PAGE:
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The effect of robotic technology as a surgical adjunct and an investigative tool for assessing knee biomechanics during total knee arthroplasty

Kayani, Babar; (2021) The effect of robotic technology as a surgical adjunct and an investigative tool for assessing knee biomechanics during total knee arthroplasty. Doctoral thesis (Ph.D), UCL (University College London). Green open access

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Abstract

Introduction Robotic technology has recently regained momentum in total knee arthroplasty (TKA) but the effects of this technology on accuracy of implant positioning, intraoperative soft tissue injury and postoperative functional rehabilitation remain unknown. The objectives of this research thesis were to compare a comprehensive range of radiological objectives and perioperative outcomes in conventional jig-based TKA versus robotic-arm assisted TKA, and use optical motion capture technology to quantify the effects of anterior cruciate ligament (ACL) and posterior cruciate ligament (PCL) resection on knee biomechanics. Methods A series of prospective cohort studies were undertaken in patients with established knee osteoarthritis undergoing primary conventional jig-based TKA versus robotic-arm assisted TKA. Predefined radiological and perioperative study outcomes were recorded by independent observers. Optical motion capture technology during robotic TKA was used to quantify the effects of ACL and PCL resection on knee biomechanics. Results Robotic-arm assisted TKA was associated with improved accuracy of implant positioning, reduced periarticular soft tissue injury, decreased bone trauma, improved postoperative functional rehabilitation, and reduced early systemic inflammatory response compared to conventional jig-based TKA. The Macroscopic Soft Tissue Injury (MASTI) classification system was developed and validated for grading intraoperative periarticular soft tissue injury and bone trauma during TKA. ACL resection created flexion-extension mismatch by increasing the extension gap more than the flexion gap, whilst PCL resection increased the flexion gap proportionally more than the extension gap and created mediolateral laxity in knee flexion but not in extension. Conclusion Robotic-arm assisted TKA was associated with increased accuracy of implant positioning, reduced iatrogenic soft tissue injury, and improved functional rehabilitation compared to conventional jig-based TKA. ACL and PCL resections created unique changes in knee biomechanics that affected flexion-extension gaps and mediolateral soft tissue tension during TKA. On the basis of this thesis, further clinical trials have been established to determine the long-term clinical significance of these findings.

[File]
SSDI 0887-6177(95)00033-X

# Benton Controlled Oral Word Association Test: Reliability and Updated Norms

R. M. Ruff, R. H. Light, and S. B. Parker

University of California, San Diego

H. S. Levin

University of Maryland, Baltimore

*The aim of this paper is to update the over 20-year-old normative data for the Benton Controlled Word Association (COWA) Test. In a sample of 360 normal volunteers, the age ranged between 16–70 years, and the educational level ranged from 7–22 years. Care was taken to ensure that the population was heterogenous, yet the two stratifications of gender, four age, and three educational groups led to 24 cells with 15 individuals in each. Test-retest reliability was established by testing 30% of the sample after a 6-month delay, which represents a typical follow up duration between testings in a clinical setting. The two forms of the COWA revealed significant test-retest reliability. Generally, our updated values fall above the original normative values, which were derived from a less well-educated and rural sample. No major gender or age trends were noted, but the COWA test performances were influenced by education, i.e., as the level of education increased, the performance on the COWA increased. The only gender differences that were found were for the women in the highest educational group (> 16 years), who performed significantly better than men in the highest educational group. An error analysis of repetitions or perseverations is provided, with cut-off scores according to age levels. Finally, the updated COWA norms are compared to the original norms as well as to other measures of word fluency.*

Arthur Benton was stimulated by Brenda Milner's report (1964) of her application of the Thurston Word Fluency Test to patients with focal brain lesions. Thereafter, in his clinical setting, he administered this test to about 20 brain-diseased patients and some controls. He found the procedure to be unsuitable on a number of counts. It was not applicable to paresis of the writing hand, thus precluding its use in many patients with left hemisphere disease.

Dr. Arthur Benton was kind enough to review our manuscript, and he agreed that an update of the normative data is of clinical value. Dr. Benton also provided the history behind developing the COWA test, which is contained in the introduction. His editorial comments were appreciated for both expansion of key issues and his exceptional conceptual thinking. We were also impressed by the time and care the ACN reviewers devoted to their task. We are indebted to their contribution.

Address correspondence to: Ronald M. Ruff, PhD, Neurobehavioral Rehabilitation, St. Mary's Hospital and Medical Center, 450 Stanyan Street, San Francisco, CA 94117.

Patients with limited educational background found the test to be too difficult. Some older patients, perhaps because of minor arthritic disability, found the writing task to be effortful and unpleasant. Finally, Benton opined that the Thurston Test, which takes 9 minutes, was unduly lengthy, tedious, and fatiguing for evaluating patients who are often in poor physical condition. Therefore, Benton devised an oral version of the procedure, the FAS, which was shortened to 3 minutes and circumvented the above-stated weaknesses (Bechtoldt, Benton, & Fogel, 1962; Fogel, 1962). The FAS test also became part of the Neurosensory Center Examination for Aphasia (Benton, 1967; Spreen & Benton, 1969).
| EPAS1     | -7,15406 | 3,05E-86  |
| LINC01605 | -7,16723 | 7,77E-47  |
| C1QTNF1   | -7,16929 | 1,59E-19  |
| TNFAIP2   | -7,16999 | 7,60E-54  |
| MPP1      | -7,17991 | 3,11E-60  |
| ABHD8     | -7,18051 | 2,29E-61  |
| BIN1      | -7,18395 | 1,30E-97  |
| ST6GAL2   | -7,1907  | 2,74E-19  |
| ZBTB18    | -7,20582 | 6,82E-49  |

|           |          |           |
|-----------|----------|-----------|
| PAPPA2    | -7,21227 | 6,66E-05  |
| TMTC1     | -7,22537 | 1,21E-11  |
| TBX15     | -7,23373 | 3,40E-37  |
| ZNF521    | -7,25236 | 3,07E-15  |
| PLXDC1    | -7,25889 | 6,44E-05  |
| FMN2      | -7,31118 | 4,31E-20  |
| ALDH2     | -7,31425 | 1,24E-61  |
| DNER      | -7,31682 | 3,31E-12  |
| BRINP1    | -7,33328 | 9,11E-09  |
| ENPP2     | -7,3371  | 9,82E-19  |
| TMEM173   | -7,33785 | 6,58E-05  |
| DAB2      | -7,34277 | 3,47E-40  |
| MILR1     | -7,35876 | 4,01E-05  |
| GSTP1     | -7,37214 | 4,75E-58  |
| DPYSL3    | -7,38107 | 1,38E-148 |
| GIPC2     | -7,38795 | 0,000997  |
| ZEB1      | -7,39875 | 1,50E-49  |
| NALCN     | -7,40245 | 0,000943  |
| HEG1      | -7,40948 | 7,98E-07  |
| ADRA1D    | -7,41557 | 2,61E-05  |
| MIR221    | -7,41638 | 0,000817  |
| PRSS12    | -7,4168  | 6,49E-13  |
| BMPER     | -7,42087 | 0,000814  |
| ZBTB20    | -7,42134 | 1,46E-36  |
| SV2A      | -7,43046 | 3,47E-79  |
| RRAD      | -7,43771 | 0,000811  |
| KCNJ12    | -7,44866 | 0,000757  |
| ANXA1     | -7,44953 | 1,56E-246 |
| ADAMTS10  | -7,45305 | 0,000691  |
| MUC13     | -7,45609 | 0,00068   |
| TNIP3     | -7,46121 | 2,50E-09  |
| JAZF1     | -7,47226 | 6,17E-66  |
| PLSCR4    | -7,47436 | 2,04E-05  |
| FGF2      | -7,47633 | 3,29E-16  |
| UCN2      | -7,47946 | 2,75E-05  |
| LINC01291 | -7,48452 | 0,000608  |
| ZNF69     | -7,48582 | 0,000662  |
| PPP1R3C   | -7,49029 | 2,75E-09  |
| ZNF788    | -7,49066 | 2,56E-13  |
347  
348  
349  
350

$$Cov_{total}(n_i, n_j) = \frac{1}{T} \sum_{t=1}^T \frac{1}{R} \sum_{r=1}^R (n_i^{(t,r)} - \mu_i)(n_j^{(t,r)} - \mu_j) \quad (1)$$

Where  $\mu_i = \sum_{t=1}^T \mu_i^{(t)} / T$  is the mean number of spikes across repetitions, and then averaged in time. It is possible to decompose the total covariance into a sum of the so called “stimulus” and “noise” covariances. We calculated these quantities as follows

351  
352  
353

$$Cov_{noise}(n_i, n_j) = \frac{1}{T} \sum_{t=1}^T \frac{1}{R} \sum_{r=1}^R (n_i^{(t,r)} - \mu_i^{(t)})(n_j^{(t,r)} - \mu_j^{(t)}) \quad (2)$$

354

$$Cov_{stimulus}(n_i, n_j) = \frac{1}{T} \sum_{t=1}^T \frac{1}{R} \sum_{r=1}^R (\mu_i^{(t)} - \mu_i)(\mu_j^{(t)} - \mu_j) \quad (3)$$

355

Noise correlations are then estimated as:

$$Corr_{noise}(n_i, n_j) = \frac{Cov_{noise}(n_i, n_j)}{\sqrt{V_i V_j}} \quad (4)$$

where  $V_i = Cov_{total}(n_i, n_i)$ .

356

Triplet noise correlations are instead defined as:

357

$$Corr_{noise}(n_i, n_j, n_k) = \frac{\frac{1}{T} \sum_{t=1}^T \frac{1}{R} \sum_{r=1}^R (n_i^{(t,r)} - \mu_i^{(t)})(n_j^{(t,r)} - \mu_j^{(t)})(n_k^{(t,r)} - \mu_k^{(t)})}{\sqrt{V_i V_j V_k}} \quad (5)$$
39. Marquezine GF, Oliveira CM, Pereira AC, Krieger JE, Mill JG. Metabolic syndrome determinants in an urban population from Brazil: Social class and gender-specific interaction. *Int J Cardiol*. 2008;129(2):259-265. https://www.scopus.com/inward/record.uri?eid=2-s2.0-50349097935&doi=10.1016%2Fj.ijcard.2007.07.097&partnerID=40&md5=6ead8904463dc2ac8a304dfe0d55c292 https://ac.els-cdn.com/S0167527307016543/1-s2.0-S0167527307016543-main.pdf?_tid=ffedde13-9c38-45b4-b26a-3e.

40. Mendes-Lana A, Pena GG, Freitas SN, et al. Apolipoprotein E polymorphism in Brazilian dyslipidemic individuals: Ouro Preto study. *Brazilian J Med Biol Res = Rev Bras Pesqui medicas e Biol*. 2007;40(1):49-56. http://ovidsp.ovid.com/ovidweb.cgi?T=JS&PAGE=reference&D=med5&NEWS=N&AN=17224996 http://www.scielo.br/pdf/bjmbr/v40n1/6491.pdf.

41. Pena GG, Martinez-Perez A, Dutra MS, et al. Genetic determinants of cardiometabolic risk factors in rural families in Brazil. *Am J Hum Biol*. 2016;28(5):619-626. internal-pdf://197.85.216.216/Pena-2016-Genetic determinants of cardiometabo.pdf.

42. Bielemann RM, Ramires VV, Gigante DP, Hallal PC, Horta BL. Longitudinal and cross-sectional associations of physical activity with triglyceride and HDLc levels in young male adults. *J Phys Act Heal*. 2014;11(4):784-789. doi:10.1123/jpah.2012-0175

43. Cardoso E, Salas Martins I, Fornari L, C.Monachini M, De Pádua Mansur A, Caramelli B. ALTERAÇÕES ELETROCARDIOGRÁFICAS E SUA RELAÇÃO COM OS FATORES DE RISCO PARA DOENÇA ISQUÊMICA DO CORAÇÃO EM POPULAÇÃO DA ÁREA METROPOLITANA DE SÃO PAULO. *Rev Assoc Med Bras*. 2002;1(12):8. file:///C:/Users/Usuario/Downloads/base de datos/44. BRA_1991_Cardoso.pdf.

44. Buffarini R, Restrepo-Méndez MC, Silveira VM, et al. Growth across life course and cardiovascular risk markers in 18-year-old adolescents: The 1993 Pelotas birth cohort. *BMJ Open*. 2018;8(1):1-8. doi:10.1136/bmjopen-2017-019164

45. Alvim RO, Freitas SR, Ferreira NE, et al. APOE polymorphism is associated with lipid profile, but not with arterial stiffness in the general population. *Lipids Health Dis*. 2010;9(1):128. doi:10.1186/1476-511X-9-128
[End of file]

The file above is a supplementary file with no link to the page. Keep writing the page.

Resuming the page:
Type: Thesis (Doctoral)
Qualification: Ph.D
Title: The effect of robotic technology as a surgical adjunct and an investigative tool for assessing knee biomechanics during total knee arthroplasty
Event: UCL (University College London)
Open access status: An open access version is available from UCL Discovery
Language: English
Additional information: Copyright © The Author 2021. Original content in this thesis is licensed under the terms of the Creative Commons Attribution-NonCommercial 4.0 International (CC BY-NC 4.0) Licence (https://creativecommons.org/licenses/by-nc/4.0/). Any third-party copyright material present remains the property of its respective owner(s) and is licensed under its existing terms. Access may initially be restricted at the author’s request
UCL classification: UCL
UCL > Provost and Vice Provost Offices
UCL > Provost and Vice Provost Offices > School of Life and Medical Sciences
UCL > Provost and Vice Provost Offices > School of Life and Medical Sciences > Faculty of Medical Sciences
UCL > Provost and Vice Provost Offices > School of Life and Medical Sciences > Faculty of Medical Sciences > Div of Surgery and Interventional Sci
URI: https://discovery.ucl.ac.uk/id/eprint/10122116
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